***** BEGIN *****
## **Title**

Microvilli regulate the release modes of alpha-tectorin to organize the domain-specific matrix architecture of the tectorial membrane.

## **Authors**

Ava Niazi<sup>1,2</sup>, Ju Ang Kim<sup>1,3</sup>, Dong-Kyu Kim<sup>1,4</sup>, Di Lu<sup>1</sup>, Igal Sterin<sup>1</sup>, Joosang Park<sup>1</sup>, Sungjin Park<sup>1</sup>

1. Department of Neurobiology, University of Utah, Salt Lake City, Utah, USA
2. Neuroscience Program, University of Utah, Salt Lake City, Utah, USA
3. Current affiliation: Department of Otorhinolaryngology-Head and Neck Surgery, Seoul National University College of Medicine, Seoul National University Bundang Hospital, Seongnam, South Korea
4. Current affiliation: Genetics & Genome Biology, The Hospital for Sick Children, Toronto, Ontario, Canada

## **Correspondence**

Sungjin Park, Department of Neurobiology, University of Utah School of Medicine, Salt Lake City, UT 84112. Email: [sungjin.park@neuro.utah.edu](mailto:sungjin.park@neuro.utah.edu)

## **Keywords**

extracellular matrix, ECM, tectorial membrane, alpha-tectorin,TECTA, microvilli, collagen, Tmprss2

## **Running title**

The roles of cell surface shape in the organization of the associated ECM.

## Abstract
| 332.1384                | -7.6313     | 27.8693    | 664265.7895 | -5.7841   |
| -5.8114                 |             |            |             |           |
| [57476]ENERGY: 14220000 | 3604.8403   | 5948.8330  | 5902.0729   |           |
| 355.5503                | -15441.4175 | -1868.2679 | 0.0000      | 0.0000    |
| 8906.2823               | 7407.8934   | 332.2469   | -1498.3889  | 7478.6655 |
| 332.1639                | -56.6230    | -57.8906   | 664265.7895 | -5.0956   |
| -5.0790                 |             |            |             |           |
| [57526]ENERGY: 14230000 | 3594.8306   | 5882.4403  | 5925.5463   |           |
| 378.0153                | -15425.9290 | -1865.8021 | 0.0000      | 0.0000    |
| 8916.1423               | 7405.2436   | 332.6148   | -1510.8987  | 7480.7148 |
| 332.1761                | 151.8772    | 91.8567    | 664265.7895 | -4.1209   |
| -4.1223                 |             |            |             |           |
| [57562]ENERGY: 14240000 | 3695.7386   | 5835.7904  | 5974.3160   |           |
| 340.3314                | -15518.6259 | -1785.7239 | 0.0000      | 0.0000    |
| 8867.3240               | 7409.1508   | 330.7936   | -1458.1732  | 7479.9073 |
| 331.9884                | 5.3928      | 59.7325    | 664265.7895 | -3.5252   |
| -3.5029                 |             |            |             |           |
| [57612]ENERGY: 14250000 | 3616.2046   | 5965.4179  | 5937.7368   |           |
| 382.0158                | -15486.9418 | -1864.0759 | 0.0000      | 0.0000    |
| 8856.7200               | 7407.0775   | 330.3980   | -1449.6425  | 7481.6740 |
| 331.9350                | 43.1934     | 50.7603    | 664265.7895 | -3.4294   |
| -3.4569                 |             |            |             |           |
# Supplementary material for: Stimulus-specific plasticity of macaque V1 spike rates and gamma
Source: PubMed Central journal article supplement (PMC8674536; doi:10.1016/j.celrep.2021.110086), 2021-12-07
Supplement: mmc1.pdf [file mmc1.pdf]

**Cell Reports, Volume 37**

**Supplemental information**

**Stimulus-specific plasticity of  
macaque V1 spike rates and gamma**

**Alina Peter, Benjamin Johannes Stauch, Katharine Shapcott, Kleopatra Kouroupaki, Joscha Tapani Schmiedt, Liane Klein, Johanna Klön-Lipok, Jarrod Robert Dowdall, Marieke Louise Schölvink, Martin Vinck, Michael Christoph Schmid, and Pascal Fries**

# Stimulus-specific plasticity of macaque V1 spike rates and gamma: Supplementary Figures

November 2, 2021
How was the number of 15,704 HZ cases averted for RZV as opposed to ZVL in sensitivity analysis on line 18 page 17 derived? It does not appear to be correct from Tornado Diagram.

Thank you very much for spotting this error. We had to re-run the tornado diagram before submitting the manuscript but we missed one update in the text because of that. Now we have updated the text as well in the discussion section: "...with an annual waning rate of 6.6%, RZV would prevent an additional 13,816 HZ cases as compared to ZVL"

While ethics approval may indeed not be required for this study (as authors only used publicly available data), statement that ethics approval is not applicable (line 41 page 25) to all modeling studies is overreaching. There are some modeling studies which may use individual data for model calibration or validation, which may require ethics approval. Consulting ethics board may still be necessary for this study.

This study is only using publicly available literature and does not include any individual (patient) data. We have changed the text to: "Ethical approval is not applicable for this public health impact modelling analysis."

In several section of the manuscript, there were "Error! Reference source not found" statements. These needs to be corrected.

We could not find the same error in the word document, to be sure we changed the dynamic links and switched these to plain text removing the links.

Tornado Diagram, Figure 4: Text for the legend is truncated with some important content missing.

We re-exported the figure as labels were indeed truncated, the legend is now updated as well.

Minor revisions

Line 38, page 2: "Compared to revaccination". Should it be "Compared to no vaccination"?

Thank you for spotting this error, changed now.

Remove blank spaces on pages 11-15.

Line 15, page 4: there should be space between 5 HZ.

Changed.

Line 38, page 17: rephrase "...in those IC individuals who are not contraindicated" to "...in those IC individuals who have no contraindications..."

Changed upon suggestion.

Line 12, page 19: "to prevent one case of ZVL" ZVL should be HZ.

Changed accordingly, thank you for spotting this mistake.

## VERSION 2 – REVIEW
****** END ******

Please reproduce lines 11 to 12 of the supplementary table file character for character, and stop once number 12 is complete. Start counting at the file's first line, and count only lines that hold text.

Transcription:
## **Keywords**

extracellular matrix, ECM, tectorial membrane, alpha-tectorin,TECTA, microvilli, collagen, Tmprss2